Bacteria known to cause skin and soft tissue infections were uncovered in microbiological studies of the skin disease hidradenitis suppurativa (HS), with nearly 60% of cultures dominated by Staphylococcus lugdunensis, according to a study published online November 13 in Emerging Infectious Diseases.
Although the results do not prove that the bacteria are the causative agent, they do support antibiotic treatment of HS, say authors Hélène Guet-Revillet, MD, from the Université Paris Descartes, Sorbonne Paris Cité, Paris, France, and colleagues.
The research group studied the microbiology of 102 HS lesions from 82 patients using prolonged bacterial cultures and conducted bacterial metagenomics on six samples which uncovered two microbiological profiles among these lesions.
Also known as acne inversa and Verneuil disease, HS is found in 1% to 2% of the population. Previous microbiological studies found a range of bacteria associated with HS lesions, but these were usually considered contaminants of the primary lesions.
No satisfactory treatment of HS exists, but studies published in 2009 and 2010 showed the efficacy of rifampin-clindamycin combinations, and a study published in Dermatology in 2012 showed complete healing with rifampin-moxifloxacin-metronidazole combinations.
In this study, researchers cultured all patients referred to the Centre Médical de l'Institut Pasteur from June 2007 to February 2011. Patients who received systemic or topical antibiotic drugs a month or more before sampling were excluded from the study.
The analysis showed two main profiles for HS. Profile A made up 58% of the cultures and showed S lugdunensis as the unique or predominant isolate. Profile B contained a mixture of anaerobic flora made up of strict anaerobes and/or anaerobic actinomycetes and/or streptococci of the milleri group. Other bacterial species were occasionally present in small amounts in the mixed anaerobic profile B.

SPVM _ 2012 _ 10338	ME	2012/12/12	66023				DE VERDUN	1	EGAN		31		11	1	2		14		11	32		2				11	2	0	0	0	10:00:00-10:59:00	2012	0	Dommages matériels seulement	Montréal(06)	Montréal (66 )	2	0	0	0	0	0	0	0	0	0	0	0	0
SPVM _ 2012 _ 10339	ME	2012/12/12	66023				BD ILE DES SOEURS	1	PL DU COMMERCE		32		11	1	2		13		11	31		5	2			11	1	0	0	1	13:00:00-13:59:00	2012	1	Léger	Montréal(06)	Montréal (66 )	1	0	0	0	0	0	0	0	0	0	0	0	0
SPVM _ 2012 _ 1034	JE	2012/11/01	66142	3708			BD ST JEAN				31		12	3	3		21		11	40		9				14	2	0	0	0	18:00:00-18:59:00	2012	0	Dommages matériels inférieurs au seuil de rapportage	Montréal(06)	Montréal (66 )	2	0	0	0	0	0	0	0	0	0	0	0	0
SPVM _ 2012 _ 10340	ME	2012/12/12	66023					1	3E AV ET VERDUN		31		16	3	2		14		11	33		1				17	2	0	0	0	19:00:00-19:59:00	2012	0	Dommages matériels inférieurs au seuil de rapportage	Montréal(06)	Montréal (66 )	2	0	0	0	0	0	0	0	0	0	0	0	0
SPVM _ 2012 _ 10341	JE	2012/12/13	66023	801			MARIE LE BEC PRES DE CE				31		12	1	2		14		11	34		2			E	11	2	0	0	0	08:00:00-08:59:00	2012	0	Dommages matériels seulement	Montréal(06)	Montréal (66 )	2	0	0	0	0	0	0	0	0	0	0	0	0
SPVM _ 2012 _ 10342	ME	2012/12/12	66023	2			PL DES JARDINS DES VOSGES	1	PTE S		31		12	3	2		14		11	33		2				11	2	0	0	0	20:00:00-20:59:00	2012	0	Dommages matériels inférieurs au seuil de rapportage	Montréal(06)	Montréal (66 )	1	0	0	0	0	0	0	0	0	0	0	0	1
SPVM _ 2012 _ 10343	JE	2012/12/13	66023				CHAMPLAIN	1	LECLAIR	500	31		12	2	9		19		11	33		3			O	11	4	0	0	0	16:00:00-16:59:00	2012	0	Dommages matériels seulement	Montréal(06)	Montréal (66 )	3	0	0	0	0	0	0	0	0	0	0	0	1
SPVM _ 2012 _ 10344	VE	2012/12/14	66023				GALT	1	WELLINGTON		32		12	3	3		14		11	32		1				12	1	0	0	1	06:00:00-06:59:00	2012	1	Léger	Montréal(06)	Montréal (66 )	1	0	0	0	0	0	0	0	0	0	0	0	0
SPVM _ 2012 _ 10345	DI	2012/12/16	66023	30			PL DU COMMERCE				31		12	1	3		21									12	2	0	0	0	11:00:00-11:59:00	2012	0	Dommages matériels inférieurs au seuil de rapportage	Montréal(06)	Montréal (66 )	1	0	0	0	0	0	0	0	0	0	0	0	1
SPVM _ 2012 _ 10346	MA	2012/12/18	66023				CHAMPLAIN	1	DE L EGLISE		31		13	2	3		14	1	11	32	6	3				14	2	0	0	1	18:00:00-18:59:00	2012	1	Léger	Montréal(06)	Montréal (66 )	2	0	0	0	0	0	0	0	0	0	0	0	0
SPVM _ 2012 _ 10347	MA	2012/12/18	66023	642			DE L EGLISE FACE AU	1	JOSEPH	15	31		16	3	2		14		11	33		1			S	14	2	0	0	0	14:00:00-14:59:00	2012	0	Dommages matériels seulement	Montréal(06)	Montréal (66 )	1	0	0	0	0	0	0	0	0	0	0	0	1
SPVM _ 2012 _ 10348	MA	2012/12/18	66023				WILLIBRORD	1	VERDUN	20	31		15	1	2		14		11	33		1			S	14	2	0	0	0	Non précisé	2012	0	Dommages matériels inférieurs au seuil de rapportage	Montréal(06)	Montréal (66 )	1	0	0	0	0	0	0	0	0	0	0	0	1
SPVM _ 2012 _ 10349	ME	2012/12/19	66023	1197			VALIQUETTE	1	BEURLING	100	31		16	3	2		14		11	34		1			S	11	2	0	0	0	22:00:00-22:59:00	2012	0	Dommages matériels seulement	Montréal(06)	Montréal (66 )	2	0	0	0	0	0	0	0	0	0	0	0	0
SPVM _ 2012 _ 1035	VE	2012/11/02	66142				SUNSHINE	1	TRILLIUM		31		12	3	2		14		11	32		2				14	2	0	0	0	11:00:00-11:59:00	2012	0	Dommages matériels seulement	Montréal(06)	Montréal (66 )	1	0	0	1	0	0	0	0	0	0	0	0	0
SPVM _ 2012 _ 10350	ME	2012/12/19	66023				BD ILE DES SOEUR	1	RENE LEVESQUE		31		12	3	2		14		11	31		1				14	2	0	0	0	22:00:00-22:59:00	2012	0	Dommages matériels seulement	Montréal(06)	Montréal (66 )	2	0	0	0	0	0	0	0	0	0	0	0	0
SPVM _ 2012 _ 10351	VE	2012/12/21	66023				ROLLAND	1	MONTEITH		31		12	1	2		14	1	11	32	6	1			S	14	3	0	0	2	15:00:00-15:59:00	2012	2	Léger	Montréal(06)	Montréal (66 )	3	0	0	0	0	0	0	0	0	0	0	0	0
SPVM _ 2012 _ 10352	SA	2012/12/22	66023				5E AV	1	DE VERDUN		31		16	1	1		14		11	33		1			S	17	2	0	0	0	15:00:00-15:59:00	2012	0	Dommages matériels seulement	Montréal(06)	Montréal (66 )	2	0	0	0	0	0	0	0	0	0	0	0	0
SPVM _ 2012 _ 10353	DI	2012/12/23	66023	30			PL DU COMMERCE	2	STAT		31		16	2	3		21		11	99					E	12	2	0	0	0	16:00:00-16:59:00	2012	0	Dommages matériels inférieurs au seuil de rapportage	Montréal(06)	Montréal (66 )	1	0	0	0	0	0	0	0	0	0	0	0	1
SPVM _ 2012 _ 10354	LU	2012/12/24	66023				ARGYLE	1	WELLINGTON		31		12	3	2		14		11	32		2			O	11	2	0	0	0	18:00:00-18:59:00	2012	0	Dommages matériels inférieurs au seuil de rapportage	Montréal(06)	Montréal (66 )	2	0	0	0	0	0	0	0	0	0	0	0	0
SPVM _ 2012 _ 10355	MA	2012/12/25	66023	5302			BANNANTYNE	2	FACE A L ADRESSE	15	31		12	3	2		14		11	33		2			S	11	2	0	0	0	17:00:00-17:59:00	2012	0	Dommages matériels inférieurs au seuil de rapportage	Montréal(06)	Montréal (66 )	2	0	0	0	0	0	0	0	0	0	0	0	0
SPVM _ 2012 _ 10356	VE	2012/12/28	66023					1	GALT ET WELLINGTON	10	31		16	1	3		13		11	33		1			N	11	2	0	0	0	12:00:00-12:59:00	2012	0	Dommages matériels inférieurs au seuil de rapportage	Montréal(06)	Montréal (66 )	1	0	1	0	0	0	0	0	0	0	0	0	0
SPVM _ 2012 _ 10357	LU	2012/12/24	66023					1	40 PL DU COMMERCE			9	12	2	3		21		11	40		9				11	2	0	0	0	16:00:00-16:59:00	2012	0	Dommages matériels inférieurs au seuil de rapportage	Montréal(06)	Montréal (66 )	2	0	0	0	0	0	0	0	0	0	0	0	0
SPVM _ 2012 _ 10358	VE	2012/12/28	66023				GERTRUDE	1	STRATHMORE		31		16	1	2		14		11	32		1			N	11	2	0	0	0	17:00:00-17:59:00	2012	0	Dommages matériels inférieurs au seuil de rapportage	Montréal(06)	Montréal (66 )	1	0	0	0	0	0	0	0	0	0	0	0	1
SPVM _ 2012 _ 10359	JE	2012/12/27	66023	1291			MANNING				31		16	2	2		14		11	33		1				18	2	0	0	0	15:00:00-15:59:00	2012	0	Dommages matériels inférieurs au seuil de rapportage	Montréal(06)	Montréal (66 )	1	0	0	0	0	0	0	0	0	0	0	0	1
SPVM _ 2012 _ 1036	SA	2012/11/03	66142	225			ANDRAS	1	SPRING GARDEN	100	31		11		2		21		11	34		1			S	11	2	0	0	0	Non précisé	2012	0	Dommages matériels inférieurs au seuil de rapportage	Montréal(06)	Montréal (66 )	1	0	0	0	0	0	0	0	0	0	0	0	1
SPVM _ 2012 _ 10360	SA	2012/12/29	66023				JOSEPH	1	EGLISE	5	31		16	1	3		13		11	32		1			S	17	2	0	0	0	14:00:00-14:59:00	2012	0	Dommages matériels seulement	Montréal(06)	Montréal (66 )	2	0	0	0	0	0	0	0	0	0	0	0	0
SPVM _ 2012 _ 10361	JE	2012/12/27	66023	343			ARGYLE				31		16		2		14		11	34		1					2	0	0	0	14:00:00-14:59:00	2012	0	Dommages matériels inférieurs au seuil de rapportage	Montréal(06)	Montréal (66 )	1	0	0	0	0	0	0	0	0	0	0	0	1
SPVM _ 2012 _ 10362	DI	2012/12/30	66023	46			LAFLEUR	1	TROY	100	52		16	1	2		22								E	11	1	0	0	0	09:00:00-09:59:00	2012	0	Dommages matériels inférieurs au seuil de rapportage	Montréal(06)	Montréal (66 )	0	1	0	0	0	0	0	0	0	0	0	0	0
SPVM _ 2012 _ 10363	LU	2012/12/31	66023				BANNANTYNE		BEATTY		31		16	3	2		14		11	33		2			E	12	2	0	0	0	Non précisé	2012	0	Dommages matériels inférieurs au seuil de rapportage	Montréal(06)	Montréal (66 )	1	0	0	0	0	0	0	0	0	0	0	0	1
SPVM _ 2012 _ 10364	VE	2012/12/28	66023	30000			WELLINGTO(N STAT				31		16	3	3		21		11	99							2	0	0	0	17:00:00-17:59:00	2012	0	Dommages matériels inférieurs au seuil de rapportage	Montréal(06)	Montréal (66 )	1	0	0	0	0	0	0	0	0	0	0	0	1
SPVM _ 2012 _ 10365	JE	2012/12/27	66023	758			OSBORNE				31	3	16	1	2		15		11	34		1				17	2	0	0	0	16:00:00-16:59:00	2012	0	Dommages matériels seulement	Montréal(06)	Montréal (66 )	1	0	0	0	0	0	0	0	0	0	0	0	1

Five samples corresponded with neither profile. Two of those were pure cultures of Propionibacterium acnes; two were of corynebacteria, enterobacteriaceae, and coagulase-negative staphylococci; and one was a pure culture of Streptococcus pyogenes, probably associated with an unrelated acute infectious syndrome.
"Altogether, our study demonstrates that HS lesions are associated with bacterial species that can cause abscesses and severe infections," the authors report. Further investigations comparing cultures from open suppurating lesions found anaerobes, actinomycetes, and streptococci of the milleri group associated with purulent drainage, biopsies, and aspirations, but did not find them in cultures from perilesional swabs, leading the authors to conclude that they are associated specifically with HS.
Findings showing that Staphylococcus aureus, non-lugdunensis coagulase negative staphylococci, corynebacteria, enterobacteriaceae, and Propionibacterium species were isolated from swabs and drainage, but rarely from biopsies, suggest these groups are probably present as contaminants of the HS.
Profile A was associated "almost exclusively" with Hurley stage 1 lesions, whereas profile B was predominantly associated with Hurley stage 2 and 3 lesions, the authors found. Profile A tended to be associated with lesions of the breast and buttocks.
"In summary, this study demonstrates that bacterial pathogens known to cause soft tissue and skin infections are found in HS lesions," the authors write. "The unexpected efficacy of wide-spectrum antimicrobial treatments for HS highly suggests that these bacteria are partly causative agents for suppurative hidradenitis and should be considered to be treatment targets."
Emerg Infect Dis. Published online November 13, 2014. Full text
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